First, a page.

Quinta Das Carvalhas Touriga Nacional 2011 Corino Dolcetto d'Alba 2013 Rustenberg Merlot 2010Errazuriz Aconcagua Alto Cabernet Sauvignon 2012Diamandes De Uco Malbec 2011

Errazuriz 2012 Aconcagua Alto Cabernet Sauvignon Aconcagua Valley, Chile ($19.95)

John Szabo – A polished and supple, generous and fruity example of Chilean Cabernet Sauvignon, from the higher elevation (“Alto”) Andean foothills of the upper Aconcagua Valley. Winemaker Francisco Baettig has dialled the ripeness and freshness, fruit and oak into a highly appealing style. Best 2015-2020.

Diamandes De Uco 2011 Malbec, Uco Valley, Mendoza, Argentina ($24.95)

David Lawrason – Diamandes is one of the French-owned estates within the Clos de los Siete complex in the Vista Flores sub-region of Uco Valley. The compound reminds me of an outpost of the French Foreign legion! But my goodness are the member estates ever making great wine. The top label from Diamandes was the single best red I tasted in Argentina. This junior version still hits 90 – a classy, dense, poised and well structured malbec.

Trivento 2012 Golden Reserve Cabernet Sauvignon, Uco Valley, Mendoza, Argentina ($19.95)

Sara d’Amato – A very impressive cabernet with a great deal of structure and density of fruit for under $20. Trivento is Concho Y Toro’s Argentinean project and is a consistent consumer favourite.

Trivento Golden Reserve Cabernet Sauvignon 2012 Boschendal 1685 S & M Shiraz Badia A Coltibuono Riserva Chianti Classico 2009 Alvaro Castro Red 2011

Boschendal 2013 1685 S & M Shiraz/Mourvèdre, Coastal Region, Western Cape, South Africa ($19.95)

Sara d’Amato – A little offbeat but wildly appealing at the same time with a name that is sure to spark conversation. The wine is brimming with a complex array of flavours that include pepper, cool menthol, tilled earth, exotic spice, mineral and an abundance of cassis.

Badia A Coltibuono 2009 Riserva Chianti Classico, Tuscany, Italy ($38.95)

Sara d’Amato – Finding a wine such as this makes the hours of tasting largely mediocre quality wine all worthwhile. With a bounty of charm and character, this largely sangiovese based blend made from organic fruit is drinking beautifully now but has many years yet to come.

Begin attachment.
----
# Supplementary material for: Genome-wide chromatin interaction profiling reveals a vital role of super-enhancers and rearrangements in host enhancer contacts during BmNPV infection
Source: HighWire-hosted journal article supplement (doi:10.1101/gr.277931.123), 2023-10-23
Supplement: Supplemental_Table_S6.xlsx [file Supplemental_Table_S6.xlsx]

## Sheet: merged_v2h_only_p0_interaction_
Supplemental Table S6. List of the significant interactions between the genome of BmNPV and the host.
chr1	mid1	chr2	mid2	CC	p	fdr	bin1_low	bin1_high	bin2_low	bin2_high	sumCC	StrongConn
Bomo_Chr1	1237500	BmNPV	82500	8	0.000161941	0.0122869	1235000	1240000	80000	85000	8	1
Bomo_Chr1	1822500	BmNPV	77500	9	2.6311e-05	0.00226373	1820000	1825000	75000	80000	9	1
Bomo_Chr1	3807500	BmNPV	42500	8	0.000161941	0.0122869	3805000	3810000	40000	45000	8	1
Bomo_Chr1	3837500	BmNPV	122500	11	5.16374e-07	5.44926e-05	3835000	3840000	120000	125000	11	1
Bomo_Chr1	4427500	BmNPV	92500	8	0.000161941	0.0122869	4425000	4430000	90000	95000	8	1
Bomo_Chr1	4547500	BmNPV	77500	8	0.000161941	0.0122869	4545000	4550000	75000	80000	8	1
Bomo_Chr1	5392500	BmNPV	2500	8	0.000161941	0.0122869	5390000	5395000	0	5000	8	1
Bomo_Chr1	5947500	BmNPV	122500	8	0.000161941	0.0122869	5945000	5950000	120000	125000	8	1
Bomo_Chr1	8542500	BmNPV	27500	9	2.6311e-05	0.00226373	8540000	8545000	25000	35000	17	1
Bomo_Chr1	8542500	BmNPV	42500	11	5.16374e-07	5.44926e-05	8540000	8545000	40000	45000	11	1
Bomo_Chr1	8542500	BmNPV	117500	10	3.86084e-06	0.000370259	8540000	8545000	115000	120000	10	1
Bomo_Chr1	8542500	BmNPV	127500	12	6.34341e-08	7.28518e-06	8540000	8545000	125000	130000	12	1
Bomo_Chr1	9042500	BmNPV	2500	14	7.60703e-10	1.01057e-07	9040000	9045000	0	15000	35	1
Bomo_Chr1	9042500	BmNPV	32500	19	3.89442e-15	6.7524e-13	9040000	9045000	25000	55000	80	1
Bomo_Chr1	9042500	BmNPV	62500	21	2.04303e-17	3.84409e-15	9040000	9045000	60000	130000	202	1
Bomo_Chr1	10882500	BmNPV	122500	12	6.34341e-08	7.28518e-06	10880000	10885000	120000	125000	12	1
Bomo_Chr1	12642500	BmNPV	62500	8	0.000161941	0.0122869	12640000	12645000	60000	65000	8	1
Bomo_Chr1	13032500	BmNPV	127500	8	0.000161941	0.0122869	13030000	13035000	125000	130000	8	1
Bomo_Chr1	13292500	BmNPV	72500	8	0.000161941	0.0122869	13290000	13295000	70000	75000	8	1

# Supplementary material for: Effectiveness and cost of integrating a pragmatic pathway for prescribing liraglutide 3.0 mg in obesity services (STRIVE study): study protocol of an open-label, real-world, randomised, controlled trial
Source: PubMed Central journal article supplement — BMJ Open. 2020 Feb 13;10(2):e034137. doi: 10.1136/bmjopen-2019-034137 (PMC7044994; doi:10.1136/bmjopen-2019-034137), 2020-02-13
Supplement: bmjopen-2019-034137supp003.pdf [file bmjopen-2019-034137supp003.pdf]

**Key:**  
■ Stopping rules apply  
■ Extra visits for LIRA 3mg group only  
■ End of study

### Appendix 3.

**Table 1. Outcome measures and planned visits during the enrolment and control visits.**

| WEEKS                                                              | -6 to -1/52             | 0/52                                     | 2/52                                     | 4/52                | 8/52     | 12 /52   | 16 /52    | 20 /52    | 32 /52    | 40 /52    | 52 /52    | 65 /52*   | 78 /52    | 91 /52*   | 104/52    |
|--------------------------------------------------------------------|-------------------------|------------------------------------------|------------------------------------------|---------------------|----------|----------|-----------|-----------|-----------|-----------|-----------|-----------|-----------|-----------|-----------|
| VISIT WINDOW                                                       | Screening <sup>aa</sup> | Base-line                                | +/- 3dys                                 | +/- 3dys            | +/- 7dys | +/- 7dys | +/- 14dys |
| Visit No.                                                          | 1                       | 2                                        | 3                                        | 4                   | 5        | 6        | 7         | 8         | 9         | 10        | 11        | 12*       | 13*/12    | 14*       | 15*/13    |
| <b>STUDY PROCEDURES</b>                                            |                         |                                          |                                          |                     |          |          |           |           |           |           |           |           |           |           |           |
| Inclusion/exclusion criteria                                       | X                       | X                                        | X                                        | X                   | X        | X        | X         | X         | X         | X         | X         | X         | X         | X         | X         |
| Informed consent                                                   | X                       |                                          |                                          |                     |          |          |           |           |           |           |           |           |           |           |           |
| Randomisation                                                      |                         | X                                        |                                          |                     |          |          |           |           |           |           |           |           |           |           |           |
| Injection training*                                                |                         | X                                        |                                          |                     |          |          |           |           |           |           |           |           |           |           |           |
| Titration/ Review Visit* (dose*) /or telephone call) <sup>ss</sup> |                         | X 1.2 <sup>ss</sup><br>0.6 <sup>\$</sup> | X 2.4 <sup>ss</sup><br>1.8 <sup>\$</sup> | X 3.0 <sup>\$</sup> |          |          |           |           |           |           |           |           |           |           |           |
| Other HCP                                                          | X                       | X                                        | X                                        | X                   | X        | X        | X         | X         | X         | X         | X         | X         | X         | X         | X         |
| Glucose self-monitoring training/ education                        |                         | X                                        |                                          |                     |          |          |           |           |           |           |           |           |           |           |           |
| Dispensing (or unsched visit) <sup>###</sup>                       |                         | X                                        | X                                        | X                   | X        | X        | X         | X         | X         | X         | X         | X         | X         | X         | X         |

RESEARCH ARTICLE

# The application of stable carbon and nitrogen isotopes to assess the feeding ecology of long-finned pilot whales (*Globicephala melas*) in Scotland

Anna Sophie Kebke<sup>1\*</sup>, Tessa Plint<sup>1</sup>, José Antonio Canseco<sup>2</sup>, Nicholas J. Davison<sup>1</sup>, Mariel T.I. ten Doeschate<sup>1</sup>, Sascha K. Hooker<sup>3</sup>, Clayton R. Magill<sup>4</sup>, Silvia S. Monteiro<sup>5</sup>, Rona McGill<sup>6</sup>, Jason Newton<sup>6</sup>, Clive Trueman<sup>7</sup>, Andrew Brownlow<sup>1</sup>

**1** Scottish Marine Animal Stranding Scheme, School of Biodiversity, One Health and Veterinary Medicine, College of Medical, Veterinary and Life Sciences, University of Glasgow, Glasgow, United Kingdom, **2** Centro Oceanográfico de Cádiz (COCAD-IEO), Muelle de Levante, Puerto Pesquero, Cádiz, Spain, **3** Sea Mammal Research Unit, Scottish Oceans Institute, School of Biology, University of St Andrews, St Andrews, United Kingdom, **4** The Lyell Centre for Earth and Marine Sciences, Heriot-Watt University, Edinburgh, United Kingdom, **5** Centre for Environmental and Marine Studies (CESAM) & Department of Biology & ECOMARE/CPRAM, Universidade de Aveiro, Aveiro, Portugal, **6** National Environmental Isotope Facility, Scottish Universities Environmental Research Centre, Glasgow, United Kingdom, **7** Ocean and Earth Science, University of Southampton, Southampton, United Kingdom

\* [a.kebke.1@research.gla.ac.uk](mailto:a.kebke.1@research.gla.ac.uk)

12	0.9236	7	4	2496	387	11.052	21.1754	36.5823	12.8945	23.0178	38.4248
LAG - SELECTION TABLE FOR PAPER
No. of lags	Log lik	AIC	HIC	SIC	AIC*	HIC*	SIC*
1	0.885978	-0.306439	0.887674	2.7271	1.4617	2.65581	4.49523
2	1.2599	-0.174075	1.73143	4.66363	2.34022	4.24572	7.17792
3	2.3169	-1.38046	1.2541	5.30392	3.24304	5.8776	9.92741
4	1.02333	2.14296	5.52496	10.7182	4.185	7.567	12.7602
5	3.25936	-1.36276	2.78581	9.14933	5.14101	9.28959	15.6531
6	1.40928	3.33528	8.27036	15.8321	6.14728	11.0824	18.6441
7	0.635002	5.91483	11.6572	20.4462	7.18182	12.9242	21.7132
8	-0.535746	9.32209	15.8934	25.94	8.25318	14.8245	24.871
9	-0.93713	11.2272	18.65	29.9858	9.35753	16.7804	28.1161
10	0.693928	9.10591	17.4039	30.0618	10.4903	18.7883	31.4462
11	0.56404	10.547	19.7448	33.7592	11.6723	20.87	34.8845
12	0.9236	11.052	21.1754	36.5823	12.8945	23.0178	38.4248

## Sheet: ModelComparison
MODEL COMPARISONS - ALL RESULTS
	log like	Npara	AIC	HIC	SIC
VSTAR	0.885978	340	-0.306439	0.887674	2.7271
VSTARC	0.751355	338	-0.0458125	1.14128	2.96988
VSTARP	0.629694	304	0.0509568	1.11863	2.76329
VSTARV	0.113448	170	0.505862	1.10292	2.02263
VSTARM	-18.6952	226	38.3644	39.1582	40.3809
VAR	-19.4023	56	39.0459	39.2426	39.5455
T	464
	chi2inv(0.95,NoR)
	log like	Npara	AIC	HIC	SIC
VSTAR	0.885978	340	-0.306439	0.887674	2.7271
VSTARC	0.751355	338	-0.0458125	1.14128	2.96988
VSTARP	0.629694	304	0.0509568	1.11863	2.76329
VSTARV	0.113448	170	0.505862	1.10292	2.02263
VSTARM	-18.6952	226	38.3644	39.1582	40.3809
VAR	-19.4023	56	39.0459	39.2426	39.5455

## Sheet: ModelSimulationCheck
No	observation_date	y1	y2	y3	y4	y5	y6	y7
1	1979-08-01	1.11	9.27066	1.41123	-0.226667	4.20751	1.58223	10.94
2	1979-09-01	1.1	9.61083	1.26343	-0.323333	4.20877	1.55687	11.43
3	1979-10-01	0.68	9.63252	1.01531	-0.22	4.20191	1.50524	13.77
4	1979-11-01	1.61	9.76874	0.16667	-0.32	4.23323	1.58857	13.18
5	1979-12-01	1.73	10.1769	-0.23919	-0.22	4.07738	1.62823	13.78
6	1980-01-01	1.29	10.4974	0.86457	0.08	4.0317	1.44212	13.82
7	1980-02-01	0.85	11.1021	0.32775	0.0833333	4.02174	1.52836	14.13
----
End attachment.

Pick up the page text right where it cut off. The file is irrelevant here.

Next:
Álvaro Castro 2011 Red, Dão, Portugal ($17.95)

John Szabo – I don’t believe I’ve ever had a wine from Castro that I haven’t enjoyed, one of the Dão’s most sought-after producers. This is all elegance, class and balance in a mid-weight, infinitely drinkable red blend. Best 2015-2021.

WineAlign's Bill Zacharkiw gives the Thumbs Up to Alvaro Castro in Viseu, Dão-3708

WineAlign’s Bill Zacharkiw gives the Thumbs Up to Alvaro Castro in Viseu, Dão

 

Wines of Portugal, A World of Difference.

Taste the Soul of Portugal - June 9th - TorontoOn Tuesday, June 9th, you’re invited to discover the exceptional diversity of Portuguese wines – with yours truly along as your guide. Here’s your chance to kick the varietal habit and come to terms with regional identity instead. Portugal has 200+ grapes, and all old vineyards (and there are many in Portugal) are field blends, like the wines. It’s the region that makes the style difference. This is the way wine has always been made, and understood. We should get back there. Find out more and save $10 on your ticket with WineAlign’s access code.

 

That’s all for this week. See you over the next bottle.

John Szabo, MS

John Szabo, MS

From VINTAGES May 30, 2015

Szabo’s Smart Buys
Lawrason’s Take
Sara’s Sommelier Selections
Buyers’ Guide Part One: Pinot Noir’s New World
All Reviews

Editors Note: You can find complete critic reviews by clicking on any of the highlighted wine names, bottle images or links. Paid subscribers to WineAlign see all critics reviews immediately. Non-paid members wait 60 days to see new reviews. Premium membership has its privileges; like first access to great wines!


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Castello Di Gabbiano Chianti Classico Riserva 2011


Wines of Portugal, A World of Difference.

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Buyers’ Guide to VINTAGES May 30 – Part One